A robot that can effortlessly climb up and down stairs, as well as easily traverse uneven terrain, is being made available to companies, security services and researchers.
Dubbed ARTI3, the robot can climb three stairs in eight seconds using an entirely mechanical solution; a feat its maker, Washington DC-based Transcend Robotics, says is a world first.
Stairs have traditionally been something of a nemesis to robots, and there is considerable footage of robots failing in the attempt, most notably Honda’s humanoid robot Asimov. By equipping ARTI3 with a segmented body and gripped treads Transcend has resolved this issue, allowing robots’ domain to expand beyond the ground floor.
“Until now, the ability to climb stairs and navigate human environments has been a major challenge for mobile robots,” explained Phil Walker, CEO of Transcend Robotics. “Traditional approaches of tackling this problem are too slow, require complex controls, and are too expensive for most applications.”
ARTI3 is available in two forms: the customisable ARTI3 Mobility Platform and the out-of-the-box ARTI3 Vantage.
The Mobility Platform version is designed for industries such as construction, mining and manufacturing, and allows users to add specific sensors, electronics and software to tailor it to a particular use.
By contrast the Vantage is ready to use in a variety of situations. Equipped with pan and tilt cameras and with a carrying capacity of 30lb, the robot can be remote controlled, making it suitable for security applications and the inspection of potentially hazardous areas.
Both versions are designed to be very easy to use, potentially eliminating the need for specialist robotics operators and thus making the robot more appealing to a wider range of industries.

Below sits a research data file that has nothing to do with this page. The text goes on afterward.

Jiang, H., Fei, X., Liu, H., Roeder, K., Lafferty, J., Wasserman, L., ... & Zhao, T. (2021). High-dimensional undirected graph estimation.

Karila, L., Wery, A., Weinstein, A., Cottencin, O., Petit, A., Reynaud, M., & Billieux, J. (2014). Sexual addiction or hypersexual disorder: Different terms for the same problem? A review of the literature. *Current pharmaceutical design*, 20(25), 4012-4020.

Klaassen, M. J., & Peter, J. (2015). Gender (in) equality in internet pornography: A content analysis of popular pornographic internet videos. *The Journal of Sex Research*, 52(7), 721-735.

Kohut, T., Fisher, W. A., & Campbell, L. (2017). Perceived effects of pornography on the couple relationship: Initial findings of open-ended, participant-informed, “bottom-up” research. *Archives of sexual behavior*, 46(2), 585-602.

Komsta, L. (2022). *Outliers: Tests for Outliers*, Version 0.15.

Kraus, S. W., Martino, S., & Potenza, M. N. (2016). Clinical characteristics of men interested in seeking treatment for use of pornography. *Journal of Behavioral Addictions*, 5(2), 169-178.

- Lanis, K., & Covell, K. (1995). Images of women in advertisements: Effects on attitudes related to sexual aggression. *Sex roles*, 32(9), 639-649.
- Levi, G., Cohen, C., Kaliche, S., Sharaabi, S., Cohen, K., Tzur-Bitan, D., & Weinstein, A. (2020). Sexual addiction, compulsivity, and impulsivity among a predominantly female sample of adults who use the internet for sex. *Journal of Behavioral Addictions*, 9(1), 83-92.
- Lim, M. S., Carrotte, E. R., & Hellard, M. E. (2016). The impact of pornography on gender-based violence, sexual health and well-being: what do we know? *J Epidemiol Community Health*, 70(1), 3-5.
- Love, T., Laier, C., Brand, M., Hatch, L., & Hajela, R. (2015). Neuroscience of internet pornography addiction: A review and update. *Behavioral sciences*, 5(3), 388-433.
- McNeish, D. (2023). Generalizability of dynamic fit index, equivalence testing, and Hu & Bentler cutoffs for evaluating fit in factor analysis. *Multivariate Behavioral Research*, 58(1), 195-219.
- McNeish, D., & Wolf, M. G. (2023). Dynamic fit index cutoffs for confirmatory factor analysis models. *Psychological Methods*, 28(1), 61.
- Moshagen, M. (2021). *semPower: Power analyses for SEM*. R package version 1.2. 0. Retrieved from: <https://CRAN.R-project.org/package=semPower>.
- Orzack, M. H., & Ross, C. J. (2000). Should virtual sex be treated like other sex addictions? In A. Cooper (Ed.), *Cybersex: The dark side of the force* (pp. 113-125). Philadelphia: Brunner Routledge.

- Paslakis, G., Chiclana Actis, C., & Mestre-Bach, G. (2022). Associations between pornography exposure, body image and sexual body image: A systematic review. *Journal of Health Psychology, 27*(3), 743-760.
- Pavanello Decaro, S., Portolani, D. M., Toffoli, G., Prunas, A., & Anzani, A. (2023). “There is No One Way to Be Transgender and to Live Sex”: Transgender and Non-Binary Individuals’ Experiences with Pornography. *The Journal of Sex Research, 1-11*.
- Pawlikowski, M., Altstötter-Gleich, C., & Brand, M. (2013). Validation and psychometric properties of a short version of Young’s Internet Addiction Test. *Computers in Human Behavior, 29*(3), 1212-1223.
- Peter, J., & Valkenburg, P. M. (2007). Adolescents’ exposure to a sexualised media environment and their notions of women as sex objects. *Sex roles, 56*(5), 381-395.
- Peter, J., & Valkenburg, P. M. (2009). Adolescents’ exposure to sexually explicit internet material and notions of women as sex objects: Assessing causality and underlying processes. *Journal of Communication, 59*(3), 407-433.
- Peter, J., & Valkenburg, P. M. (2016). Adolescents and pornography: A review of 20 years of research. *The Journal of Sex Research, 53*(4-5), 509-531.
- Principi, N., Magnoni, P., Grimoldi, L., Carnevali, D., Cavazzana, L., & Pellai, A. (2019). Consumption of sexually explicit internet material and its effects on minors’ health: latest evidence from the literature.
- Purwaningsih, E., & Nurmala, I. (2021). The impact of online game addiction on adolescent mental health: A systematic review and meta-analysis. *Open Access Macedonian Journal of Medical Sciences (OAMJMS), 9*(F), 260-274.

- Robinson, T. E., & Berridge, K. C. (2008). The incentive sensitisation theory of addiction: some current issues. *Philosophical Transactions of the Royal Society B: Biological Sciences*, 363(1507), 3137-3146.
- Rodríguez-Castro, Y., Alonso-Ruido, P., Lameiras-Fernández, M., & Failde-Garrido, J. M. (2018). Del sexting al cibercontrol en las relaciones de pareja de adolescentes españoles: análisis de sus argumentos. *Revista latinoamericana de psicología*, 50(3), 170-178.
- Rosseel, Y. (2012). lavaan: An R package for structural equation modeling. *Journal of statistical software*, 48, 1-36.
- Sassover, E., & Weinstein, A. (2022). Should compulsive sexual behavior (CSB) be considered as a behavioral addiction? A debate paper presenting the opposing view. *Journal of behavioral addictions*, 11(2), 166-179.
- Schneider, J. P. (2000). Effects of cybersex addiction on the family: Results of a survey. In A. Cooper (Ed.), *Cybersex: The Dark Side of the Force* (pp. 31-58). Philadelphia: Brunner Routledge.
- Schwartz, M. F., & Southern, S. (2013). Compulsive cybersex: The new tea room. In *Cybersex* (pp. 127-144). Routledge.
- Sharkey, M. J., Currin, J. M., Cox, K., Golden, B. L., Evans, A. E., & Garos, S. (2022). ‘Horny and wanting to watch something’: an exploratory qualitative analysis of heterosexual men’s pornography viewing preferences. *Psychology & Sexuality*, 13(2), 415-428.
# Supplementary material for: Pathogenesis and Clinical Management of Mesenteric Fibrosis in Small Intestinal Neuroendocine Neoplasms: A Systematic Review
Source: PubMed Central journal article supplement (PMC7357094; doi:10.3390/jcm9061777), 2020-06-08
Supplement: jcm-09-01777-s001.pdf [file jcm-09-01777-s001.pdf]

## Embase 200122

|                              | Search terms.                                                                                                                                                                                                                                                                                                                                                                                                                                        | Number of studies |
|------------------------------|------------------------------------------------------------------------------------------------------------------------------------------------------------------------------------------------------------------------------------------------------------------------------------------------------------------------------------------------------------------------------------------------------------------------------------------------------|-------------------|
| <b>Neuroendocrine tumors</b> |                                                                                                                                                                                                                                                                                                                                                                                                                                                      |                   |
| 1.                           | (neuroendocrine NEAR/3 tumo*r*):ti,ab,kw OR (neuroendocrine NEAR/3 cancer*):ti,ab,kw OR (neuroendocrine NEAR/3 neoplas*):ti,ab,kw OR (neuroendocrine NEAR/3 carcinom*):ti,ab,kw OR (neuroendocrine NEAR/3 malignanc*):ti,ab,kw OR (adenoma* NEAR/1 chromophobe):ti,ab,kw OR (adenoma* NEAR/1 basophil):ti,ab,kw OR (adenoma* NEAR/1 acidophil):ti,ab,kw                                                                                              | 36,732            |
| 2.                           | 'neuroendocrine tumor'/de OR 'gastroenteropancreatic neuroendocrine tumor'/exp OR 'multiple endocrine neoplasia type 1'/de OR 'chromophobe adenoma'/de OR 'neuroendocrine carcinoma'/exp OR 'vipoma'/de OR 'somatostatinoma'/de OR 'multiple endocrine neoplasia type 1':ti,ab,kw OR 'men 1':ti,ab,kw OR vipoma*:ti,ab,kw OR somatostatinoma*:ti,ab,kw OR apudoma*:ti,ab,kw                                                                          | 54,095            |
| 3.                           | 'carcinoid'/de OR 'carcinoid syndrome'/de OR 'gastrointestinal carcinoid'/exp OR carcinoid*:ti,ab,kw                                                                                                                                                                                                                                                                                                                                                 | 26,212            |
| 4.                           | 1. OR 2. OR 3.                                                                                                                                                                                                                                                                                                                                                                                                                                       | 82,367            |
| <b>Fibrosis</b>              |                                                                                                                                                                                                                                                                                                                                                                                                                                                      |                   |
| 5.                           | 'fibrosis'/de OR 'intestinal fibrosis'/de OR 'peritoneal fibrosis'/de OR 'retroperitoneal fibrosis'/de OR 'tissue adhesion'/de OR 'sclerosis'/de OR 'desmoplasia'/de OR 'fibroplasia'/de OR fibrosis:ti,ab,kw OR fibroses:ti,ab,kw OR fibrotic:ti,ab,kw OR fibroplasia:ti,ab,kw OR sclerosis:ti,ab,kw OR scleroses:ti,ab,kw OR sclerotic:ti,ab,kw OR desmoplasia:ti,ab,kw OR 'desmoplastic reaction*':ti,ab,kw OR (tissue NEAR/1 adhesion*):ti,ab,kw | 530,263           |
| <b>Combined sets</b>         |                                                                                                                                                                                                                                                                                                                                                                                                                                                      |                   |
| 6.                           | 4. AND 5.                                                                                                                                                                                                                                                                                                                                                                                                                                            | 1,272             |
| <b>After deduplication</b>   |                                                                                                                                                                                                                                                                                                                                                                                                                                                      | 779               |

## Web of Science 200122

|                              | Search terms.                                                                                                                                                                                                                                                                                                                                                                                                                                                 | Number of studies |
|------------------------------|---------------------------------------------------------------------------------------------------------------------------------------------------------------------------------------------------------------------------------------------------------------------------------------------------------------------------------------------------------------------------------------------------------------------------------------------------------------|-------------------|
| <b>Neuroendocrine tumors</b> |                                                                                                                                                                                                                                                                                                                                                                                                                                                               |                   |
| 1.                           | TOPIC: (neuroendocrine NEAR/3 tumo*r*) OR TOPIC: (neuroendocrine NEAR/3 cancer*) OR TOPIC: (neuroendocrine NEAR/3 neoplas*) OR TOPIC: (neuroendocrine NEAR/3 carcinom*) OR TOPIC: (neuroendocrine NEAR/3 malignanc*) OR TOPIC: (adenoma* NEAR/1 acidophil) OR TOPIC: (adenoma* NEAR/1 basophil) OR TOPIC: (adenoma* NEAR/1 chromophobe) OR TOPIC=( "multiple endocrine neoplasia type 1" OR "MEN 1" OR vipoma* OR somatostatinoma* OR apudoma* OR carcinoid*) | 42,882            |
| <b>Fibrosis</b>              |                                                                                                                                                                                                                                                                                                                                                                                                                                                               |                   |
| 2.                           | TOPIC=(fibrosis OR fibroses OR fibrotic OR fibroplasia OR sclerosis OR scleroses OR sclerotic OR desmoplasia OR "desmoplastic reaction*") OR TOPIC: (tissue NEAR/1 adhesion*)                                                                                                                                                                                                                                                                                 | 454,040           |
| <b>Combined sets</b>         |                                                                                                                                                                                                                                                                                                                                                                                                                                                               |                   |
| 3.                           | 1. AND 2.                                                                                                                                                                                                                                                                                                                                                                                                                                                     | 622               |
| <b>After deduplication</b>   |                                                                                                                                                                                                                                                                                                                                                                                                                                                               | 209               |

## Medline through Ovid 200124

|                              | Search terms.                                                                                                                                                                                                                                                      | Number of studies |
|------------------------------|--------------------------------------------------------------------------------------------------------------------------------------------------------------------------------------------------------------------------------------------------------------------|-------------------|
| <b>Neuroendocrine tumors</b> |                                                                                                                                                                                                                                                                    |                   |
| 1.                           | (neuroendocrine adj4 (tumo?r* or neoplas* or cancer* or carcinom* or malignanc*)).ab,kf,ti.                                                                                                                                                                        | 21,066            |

“ARTI technology will transform the world of robotics mobility,” said Walker. “The ARTI3 family of products brings that mobility to countless applications with unprecedented speed, simplicity and versatility.”
ARTI3 is already being used in a wide range of industries, including telepresence, 3D scanning, hospitality, mining and defence.
In mining, the robot’s low profile allows it to access and scan areas humans cannot get to, so it is perhaps no surprise that the robot has proved particularly popular in this area.
“By equipping ARTI3 with a laser scanner, we can easily produce 3D scans of hard-to-access and rugged environments, such as caved-in openings in underground mines and underneath civil structures with narrow openings,” explained Naeem Ahmed, president of mining technology company Clickmox Solutions,
“We do this remotely even without line-of-sight to ARTI3, with complete visibility with the 360-degree pan-tilt-zoom camera, and most importantly, safely without putting our staff in harm’s way.”